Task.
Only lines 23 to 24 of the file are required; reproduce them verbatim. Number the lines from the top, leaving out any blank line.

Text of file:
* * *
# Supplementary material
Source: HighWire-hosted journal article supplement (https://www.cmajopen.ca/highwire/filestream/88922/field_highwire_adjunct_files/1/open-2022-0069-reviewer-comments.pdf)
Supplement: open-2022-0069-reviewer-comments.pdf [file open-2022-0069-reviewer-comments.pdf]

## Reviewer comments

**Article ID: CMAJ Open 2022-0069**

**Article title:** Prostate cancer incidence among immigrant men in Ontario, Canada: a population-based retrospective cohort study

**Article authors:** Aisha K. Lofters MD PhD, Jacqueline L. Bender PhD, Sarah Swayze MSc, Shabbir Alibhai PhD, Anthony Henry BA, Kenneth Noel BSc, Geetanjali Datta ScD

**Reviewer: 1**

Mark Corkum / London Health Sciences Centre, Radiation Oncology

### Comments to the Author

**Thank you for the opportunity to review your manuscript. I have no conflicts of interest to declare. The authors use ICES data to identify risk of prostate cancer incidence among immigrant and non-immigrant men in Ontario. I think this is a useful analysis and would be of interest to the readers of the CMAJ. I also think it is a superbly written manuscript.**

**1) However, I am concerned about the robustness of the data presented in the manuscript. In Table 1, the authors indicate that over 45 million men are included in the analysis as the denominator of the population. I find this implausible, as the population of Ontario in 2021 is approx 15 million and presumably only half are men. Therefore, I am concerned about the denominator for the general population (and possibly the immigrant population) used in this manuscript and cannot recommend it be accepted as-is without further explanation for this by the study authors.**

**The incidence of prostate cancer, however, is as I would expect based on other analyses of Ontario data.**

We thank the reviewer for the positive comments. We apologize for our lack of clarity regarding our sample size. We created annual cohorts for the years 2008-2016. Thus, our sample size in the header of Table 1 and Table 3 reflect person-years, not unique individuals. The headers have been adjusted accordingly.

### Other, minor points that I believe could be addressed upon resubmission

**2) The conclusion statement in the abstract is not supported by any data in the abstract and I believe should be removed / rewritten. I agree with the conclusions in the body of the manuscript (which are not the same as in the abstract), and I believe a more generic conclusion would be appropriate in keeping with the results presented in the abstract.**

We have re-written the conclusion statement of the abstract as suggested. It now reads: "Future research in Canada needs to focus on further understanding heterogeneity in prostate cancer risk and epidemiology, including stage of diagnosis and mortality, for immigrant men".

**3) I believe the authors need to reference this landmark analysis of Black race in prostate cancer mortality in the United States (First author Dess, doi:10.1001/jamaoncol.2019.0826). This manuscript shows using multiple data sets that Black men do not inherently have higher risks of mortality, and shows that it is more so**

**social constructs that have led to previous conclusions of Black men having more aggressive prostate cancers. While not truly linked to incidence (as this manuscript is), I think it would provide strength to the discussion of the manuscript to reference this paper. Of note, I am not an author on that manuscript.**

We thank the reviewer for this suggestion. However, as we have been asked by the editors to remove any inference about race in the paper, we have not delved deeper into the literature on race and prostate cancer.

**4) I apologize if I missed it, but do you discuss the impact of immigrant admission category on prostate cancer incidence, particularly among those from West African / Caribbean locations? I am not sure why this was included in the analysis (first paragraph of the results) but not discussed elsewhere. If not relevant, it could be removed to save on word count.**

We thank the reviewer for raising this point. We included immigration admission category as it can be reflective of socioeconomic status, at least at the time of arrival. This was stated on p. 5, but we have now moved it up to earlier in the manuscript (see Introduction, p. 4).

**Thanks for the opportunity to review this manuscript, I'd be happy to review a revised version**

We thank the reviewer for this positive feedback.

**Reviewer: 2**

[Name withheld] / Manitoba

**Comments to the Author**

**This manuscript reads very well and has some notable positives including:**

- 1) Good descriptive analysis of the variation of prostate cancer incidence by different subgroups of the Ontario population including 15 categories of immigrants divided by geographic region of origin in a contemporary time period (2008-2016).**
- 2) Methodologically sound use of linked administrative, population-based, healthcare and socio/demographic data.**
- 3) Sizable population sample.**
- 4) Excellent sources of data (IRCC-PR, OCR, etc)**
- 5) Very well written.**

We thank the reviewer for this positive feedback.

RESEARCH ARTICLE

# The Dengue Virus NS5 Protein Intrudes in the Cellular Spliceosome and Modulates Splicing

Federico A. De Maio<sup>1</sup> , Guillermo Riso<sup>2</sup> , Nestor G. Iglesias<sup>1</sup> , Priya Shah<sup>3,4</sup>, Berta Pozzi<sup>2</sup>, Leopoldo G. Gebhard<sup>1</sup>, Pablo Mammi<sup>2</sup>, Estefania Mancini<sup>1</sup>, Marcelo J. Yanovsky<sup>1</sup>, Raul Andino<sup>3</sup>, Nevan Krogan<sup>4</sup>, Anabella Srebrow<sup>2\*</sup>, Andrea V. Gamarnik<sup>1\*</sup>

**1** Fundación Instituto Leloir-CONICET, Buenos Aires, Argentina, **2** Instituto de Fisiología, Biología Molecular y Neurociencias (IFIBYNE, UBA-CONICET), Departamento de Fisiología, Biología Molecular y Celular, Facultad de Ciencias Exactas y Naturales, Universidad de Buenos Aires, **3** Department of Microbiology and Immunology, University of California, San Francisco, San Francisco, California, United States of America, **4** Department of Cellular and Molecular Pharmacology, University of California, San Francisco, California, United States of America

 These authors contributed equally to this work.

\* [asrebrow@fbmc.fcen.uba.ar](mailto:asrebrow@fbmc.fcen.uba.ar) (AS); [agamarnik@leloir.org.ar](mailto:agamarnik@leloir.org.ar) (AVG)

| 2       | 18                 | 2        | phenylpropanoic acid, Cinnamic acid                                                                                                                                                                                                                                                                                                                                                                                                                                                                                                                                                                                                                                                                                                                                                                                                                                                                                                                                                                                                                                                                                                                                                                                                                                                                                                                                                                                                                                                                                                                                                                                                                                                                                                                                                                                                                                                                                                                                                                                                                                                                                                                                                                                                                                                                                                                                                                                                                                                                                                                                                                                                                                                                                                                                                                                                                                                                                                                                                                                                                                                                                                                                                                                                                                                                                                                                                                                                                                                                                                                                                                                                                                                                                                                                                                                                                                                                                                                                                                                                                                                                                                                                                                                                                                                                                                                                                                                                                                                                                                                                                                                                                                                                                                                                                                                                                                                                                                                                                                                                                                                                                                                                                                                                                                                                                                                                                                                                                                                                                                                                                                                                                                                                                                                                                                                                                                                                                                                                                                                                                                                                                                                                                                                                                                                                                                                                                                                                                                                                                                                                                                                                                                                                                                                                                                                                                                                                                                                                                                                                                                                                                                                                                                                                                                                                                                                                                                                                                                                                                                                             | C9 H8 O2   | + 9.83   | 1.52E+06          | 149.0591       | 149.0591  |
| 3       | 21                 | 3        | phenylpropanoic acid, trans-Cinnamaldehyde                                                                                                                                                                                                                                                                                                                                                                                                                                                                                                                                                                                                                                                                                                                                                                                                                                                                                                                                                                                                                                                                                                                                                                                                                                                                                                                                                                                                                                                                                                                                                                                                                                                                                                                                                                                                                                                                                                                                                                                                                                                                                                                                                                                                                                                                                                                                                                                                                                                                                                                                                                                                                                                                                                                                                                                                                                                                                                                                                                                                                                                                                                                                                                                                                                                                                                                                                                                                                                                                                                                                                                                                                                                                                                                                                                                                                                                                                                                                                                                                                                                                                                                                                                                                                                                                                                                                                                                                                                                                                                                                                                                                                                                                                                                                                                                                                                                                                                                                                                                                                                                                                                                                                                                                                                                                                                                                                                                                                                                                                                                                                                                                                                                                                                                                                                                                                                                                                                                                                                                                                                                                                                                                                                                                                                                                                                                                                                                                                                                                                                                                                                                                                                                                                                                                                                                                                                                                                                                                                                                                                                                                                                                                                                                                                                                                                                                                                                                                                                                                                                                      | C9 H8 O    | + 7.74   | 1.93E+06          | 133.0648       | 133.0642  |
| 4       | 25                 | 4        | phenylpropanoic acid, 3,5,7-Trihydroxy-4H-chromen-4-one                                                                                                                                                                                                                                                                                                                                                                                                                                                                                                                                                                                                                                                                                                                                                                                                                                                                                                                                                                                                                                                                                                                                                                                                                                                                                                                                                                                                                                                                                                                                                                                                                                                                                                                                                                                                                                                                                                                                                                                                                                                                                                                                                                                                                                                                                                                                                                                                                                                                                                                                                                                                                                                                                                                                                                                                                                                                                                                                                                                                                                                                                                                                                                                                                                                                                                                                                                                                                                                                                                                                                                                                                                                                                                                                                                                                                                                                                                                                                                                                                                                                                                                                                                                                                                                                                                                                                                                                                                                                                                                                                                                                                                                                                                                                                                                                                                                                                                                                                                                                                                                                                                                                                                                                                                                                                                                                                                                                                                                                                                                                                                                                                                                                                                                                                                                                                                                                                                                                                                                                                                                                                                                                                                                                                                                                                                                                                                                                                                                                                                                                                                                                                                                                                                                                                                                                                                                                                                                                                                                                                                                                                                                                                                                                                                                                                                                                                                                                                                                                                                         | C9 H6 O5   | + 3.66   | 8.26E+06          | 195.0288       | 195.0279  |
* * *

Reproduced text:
**Thanks for the opportunity to review this manuscript, I'd be happy to review a revised version**

We thank the reviewer for this positive feedback.